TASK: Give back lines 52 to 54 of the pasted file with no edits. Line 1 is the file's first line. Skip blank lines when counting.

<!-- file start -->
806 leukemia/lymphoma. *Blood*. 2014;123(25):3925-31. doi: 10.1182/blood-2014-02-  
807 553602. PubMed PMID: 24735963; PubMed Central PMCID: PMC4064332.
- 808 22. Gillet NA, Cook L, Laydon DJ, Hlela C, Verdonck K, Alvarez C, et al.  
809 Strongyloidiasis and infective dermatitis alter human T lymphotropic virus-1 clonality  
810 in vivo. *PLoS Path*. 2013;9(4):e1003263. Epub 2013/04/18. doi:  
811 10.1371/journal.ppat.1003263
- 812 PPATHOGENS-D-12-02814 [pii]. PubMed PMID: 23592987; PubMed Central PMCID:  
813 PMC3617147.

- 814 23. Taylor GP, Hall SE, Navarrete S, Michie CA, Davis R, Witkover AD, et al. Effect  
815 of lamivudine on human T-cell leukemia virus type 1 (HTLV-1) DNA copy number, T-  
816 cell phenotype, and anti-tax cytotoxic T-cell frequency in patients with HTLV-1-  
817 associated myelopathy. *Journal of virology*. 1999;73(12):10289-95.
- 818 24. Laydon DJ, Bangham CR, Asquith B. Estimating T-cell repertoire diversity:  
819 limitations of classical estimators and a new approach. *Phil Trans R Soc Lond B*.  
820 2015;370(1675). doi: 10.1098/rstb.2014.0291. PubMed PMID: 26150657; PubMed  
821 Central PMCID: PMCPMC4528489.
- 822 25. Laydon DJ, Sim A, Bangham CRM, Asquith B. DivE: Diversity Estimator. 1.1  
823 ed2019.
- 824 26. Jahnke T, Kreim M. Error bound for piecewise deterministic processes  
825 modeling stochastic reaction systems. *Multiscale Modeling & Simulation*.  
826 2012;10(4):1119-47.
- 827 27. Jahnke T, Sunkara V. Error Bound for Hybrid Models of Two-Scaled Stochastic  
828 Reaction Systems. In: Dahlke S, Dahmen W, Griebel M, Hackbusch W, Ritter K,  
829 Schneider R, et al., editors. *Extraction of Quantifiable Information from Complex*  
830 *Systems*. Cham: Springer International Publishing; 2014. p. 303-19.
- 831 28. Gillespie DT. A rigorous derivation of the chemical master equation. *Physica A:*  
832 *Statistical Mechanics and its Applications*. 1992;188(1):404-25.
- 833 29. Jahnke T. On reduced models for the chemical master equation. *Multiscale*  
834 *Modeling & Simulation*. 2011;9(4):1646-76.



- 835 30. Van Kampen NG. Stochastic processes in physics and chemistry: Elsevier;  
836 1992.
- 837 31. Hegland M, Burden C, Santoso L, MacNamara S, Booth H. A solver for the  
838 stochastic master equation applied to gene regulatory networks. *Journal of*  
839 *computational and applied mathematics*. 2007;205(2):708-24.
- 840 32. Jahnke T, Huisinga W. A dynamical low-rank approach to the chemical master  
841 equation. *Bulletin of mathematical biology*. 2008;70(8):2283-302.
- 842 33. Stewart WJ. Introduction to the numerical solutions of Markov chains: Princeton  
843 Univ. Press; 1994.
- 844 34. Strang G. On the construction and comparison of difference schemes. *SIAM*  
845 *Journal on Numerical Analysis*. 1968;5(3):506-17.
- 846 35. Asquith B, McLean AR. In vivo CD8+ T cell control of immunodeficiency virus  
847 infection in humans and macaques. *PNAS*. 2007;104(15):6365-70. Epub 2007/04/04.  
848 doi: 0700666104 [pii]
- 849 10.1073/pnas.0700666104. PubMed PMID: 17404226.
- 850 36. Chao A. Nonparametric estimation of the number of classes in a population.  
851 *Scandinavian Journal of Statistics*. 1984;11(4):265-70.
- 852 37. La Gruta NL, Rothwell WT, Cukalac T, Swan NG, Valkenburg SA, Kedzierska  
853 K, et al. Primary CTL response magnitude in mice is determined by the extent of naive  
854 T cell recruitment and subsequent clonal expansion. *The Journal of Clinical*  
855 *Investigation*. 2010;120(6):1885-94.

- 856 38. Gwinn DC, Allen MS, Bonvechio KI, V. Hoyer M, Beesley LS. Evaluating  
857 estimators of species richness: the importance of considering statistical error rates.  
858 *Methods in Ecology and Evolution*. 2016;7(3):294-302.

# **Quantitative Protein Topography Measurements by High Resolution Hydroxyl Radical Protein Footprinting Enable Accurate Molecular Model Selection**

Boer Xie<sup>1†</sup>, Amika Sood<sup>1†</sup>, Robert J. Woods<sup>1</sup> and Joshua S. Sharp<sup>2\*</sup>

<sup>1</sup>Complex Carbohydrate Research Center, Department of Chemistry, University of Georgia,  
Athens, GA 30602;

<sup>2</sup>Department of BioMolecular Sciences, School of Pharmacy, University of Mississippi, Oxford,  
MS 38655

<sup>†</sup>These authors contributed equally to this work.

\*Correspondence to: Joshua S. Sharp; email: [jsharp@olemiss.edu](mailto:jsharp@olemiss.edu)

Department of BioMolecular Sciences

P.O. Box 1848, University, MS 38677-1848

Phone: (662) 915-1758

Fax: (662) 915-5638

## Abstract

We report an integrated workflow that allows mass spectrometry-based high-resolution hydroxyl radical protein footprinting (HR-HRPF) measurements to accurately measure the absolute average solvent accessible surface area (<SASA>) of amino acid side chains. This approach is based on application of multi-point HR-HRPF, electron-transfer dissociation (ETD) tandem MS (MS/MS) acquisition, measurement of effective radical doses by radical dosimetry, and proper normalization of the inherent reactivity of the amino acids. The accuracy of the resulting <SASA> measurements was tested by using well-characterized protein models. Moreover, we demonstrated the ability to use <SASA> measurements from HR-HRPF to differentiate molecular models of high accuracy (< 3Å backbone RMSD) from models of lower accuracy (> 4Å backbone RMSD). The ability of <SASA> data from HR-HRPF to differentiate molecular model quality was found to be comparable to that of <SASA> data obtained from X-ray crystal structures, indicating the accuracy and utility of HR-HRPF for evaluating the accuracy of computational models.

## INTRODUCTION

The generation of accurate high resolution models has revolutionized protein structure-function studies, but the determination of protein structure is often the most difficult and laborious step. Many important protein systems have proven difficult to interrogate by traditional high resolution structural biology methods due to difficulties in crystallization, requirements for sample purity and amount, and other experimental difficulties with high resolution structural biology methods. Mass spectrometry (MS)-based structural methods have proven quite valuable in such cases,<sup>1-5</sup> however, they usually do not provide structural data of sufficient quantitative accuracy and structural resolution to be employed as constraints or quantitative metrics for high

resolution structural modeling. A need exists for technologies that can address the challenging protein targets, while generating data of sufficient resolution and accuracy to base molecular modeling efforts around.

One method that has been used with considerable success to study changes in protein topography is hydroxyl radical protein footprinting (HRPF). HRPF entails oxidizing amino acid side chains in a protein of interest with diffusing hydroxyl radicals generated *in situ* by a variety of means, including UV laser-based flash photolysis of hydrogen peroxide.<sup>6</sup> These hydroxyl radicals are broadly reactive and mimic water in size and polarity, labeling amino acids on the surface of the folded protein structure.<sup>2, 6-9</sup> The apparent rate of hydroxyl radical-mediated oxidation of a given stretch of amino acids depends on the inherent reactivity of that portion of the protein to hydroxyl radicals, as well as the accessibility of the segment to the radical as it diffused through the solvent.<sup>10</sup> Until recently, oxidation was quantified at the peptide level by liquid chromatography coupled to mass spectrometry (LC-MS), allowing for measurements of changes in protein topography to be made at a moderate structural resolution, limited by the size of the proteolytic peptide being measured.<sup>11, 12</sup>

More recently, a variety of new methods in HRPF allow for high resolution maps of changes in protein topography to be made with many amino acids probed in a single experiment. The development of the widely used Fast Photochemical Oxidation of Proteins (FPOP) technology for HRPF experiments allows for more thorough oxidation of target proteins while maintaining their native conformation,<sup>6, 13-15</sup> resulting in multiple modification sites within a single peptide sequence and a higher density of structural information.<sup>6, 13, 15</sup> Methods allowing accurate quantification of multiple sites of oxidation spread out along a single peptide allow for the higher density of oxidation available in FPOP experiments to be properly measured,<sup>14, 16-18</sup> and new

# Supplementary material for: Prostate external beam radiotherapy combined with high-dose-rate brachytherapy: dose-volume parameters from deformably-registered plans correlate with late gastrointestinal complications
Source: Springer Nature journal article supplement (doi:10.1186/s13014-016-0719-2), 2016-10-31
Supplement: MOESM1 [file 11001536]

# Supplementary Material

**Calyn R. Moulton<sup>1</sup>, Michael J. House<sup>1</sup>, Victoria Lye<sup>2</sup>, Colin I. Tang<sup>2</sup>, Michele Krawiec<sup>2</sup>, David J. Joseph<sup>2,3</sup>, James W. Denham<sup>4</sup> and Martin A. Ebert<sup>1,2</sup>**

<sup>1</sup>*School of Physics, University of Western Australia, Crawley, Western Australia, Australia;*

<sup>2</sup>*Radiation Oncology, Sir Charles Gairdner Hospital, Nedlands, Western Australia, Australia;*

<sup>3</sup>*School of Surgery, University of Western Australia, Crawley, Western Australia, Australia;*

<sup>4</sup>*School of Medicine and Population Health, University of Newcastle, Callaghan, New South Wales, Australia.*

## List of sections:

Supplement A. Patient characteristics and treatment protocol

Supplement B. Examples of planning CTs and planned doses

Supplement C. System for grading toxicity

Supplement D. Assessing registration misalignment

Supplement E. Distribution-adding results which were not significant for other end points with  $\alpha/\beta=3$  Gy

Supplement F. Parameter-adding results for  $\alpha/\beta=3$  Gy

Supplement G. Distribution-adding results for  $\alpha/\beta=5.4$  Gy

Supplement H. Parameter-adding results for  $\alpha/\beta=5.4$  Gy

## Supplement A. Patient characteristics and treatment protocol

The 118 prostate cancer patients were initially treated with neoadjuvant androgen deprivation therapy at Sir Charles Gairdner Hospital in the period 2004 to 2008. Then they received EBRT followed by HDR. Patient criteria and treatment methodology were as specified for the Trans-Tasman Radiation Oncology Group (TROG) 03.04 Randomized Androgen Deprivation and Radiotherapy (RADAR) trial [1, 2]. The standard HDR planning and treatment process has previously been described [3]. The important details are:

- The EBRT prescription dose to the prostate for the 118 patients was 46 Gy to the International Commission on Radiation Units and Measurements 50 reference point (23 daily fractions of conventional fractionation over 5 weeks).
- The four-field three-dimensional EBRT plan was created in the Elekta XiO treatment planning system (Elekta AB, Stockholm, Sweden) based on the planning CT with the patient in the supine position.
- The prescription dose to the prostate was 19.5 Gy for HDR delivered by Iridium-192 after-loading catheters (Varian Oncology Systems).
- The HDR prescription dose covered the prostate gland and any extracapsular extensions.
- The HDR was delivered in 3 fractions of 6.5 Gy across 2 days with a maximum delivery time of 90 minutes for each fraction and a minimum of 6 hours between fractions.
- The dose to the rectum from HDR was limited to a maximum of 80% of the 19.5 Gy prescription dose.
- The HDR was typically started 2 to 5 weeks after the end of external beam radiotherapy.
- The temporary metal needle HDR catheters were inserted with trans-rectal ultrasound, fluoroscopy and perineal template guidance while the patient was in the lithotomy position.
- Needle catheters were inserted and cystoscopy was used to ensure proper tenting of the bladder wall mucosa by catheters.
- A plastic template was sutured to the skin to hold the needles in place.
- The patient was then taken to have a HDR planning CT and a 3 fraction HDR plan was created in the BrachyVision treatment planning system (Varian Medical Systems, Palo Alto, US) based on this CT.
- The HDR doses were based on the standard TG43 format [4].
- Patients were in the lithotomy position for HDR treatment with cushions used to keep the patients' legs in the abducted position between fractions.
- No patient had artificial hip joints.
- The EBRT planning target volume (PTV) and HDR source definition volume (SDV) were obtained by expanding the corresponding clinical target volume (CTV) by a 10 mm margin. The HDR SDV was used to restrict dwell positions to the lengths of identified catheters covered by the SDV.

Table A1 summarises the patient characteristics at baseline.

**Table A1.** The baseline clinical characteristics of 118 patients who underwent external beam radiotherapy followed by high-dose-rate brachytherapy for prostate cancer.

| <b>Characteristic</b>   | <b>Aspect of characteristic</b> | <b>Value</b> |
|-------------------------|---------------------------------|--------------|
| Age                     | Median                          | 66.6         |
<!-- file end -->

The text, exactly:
857 estimators of species richness: the importance of considering statistical error rates.  
858 *Methods in Ecology and Evolution*. 2016;7(3):294-302.

# **Quantitative Protein Topography Measurements by High Resolution Hydroxyl Radical Protein Footprinting Enable Accurate Molecular Model Selection**